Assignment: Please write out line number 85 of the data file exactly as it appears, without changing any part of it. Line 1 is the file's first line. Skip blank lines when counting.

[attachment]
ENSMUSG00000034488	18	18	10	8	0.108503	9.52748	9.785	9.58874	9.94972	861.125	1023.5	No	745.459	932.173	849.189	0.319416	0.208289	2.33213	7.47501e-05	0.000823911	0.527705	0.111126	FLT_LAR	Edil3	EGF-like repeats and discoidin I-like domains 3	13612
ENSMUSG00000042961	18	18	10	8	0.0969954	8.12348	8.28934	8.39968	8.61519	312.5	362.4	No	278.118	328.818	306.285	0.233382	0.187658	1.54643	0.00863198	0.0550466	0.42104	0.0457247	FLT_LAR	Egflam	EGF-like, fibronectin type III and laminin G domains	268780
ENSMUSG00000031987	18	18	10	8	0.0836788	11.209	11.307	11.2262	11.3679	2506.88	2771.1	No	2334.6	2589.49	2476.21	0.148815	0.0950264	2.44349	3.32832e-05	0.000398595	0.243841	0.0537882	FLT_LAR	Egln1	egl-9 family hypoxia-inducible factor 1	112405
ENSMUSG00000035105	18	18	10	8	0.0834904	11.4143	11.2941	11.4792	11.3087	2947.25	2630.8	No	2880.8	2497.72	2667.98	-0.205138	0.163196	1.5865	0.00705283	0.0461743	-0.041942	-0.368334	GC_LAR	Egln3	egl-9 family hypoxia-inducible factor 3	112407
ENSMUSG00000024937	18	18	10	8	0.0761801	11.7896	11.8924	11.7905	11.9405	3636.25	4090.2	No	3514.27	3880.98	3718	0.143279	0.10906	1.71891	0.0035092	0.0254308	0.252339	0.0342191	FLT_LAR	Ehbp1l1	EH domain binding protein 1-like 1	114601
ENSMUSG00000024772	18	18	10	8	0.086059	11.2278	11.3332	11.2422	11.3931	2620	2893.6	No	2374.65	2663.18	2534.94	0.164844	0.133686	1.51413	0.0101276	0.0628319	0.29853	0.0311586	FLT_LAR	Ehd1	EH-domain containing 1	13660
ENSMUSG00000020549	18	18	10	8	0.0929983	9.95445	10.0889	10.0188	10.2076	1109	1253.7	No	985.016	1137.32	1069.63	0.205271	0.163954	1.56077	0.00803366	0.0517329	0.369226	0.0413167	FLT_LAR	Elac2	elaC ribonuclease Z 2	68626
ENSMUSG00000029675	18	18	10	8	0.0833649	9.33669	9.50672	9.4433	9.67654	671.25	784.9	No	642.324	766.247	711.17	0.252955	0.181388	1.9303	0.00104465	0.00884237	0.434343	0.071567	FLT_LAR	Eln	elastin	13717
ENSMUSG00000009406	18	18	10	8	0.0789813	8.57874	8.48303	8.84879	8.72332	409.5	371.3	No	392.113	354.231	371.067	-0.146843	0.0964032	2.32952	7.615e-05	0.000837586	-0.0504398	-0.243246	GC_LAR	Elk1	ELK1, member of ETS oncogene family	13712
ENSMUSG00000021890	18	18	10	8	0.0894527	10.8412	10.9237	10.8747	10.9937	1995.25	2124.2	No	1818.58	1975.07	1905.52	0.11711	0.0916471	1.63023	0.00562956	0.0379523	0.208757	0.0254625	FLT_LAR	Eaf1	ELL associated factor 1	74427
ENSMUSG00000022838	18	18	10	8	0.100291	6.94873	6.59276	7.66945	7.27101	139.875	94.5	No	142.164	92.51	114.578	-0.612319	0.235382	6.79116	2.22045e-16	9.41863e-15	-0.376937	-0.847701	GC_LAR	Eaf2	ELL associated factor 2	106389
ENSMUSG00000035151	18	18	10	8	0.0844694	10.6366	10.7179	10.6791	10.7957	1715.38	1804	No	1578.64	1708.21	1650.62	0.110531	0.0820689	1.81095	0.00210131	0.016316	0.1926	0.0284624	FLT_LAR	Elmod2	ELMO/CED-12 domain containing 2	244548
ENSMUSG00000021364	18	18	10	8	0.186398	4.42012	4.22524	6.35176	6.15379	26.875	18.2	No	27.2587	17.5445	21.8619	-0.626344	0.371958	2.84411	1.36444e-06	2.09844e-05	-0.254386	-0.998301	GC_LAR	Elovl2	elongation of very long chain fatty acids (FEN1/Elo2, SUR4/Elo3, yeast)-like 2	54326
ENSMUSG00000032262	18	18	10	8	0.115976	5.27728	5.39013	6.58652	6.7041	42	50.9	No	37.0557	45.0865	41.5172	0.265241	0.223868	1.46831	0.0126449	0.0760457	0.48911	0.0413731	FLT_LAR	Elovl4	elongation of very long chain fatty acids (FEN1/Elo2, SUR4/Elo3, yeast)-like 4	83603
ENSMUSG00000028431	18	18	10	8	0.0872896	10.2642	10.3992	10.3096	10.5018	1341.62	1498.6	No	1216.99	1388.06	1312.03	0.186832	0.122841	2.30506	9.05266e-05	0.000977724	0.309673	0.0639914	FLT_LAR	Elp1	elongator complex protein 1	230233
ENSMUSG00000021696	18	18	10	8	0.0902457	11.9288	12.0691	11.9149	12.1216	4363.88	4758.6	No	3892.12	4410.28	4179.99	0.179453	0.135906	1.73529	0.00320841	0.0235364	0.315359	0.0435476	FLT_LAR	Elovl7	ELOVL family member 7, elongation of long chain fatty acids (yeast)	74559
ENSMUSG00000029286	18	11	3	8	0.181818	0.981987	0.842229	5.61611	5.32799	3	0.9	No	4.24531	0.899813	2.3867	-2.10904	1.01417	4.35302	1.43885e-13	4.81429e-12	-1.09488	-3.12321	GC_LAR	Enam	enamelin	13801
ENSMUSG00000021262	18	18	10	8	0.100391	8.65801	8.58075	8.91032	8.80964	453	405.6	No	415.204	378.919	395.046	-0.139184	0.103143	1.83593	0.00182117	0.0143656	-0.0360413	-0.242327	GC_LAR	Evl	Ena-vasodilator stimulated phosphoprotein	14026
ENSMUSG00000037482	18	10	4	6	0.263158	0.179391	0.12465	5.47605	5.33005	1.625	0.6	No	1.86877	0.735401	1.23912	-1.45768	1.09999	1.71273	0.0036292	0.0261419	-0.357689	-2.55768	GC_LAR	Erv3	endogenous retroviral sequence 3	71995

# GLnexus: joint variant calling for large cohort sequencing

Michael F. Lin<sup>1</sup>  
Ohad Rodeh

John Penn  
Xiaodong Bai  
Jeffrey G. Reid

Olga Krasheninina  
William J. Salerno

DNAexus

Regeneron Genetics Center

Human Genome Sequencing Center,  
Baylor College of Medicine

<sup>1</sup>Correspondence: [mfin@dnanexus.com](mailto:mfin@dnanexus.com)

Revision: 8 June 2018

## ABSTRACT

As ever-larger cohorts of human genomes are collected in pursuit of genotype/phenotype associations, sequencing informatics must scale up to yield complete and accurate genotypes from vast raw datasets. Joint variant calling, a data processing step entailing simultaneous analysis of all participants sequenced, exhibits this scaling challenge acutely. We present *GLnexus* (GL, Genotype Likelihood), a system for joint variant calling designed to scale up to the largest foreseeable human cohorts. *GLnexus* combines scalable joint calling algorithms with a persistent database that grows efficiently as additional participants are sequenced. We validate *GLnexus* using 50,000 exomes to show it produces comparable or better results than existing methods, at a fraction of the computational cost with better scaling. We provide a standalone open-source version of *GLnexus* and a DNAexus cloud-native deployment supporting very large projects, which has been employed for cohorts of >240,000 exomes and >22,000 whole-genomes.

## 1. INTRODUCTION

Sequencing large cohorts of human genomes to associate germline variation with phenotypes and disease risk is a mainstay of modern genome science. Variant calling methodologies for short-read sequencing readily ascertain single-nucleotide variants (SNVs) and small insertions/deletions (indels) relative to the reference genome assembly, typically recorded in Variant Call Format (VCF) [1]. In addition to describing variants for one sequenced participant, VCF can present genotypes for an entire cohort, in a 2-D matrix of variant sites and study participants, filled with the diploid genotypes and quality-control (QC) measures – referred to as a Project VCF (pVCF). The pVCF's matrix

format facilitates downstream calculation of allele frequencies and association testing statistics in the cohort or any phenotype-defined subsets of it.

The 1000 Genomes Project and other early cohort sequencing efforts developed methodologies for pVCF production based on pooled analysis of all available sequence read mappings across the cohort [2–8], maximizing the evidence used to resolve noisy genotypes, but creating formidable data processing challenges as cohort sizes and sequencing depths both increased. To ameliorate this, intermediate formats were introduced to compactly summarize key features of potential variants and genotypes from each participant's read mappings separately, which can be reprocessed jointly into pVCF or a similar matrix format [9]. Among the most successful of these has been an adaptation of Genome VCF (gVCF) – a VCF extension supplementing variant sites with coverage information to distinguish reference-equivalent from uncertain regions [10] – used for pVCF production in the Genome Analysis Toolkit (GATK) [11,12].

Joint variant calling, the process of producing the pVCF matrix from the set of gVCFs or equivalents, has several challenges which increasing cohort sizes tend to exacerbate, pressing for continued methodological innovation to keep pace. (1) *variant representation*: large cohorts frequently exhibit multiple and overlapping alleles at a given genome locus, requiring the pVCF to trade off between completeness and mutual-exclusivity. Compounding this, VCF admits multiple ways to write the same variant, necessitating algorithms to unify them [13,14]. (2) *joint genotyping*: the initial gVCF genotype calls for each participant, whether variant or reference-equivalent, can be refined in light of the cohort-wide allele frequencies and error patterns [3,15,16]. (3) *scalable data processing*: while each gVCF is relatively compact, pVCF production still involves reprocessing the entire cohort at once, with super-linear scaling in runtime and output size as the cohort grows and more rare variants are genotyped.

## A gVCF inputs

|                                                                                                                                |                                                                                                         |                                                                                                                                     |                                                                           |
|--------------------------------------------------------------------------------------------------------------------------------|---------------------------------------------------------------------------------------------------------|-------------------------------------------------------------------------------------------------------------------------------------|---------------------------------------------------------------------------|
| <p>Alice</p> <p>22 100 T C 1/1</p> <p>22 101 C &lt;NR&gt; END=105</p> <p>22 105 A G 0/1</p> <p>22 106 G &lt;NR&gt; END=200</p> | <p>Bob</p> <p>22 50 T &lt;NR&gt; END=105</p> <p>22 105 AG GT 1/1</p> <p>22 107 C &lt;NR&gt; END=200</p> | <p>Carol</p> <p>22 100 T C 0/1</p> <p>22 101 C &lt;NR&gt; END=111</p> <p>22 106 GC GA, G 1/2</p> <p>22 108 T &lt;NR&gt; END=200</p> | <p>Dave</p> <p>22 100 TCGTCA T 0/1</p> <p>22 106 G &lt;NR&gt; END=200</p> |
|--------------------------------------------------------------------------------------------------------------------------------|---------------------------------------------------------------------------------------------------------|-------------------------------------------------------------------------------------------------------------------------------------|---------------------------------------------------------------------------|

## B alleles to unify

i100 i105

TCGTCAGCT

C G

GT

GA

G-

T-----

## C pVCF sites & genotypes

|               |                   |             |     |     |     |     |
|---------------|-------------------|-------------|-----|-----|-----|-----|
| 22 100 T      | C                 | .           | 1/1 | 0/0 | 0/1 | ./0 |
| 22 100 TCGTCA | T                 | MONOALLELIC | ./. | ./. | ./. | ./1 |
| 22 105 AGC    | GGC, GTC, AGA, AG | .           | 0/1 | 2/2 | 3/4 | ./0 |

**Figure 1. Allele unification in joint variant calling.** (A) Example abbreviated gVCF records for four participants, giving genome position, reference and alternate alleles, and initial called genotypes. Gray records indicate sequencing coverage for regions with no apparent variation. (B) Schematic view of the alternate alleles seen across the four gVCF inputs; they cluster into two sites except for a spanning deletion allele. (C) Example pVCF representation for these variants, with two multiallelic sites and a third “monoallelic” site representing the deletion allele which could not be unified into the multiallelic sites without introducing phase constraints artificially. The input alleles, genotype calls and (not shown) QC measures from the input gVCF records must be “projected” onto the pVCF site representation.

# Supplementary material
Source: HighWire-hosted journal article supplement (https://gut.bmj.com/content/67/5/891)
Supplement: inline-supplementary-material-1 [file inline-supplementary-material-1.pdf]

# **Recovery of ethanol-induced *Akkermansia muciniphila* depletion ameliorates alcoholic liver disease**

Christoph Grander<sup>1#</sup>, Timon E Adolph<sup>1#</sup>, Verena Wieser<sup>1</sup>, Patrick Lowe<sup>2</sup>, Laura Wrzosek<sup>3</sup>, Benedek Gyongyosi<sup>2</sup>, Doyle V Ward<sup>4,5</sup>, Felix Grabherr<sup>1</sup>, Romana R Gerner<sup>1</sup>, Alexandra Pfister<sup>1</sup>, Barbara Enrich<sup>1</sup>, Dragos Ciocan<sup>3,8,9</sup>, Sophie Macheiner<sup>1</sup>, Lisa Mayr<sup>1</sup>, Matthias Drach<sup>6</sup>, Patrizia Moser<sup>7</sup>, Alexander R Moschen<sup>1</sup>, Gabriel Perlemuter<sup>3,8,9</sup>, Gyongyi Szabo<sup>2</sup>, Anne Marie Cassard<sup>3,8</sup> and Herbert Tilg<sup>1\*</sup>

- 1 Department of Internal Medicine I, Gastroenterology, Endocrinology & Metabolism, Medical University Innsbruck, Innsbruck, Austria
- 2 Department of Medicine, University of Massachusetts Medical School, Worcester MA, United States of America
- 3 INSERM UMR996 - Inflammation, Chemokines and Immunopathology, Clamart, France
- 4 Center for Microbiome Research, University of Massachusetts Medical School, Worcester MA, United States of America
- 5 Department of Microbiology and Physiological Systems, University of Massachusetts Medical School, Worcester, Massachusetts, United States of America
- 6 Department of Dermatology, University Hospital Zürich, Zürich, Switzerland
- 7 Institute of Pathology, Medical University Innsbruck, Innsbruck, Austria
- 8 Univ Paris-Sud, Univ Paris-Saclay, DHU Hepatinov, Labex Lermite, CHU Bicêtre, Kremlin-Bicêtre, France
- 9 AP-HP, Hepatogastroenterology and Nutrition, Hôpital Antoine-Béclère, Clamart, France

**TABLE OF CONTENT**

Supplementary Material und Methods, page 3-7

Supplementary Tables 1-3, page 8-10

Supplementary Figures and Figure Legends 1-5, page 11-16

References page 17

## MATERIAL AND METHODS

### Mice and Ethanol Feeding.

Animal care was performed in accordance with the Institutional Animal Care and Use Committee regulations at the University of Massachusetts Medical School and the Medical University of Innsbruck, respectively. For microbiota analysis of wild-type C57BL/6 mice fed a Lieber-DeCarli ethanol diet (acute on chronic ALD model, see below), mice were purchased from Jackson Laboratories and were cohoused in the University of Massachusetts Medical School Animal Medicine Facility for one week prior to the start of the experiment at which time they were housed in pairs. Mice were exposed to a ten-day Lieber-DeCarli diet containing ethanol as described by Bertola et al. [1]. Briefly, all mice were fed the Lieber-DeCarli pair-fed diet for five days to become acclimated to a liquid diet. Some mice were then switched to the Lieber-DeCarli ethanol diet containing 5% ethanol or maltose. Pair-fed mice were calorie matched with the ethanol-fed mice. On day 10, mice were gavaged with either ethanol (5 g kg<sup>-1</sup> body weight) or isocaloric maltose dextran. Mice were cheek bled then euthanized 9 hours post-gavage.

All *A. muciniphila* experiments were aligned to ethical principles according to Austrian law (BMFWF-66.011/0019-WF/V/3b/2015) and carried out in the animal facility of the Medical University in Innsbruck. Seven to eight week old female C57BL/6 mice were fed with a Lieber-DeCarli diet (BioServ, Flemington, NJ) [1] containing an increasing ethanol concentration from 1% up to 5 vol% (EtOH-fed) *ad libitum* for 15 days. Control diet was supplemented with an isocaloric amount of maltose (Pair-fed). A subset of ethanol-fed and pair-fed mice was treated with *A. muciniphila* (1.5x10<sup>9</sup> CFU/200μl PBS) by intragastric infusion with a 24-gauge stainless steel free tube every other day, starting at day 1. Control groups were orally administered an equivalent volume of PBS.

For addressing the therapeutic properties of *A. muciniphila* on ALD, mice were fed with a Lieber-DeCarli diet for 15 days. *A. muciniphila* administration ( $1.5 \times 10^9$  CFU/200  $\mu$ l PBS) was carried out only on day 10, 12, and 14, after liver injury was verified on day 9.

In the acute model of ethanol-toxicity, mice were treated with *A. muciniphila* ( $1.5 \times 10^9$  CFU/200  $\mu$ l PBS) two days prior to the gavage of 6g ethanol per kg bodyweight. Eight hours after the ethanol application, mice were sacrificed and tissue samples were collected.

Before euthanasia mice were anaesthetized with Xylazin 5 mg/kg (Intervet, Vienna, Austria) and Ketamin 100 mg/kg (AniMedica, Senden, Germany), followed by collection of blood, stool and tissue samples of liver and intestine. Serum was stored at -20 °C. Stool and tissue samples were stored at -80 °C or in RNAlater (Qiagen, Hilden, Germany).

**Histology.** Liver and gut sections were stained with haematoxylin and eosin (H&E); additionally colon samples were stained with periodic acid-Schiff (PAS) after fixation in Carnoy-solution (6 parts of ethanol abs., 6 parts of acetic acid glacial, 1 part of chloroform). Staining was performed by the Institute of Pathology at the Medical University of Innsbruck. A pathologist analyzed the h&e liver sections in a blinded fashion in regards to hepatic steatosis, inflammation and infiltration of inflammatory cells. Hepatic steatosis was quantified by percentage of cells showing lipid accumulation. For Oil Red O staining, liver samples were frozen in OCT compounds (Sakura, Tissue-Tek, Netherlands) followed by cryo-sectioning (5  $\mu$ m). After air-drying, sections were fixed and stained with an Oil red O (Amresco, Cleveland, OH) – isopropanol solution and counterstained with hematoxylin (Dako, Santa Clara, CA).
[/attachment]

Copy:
In the acute model of ethanol-toxicity, mice were treated with *A. muciniphila* ( $1.5 \times 10^9$  CFU/200  $\mu$ l PBS) two days prior to the gavage of 6g ethanol per kg bodyweight. Eight hours after the ethanol application, mice were sacrificed and tissue samples were collected.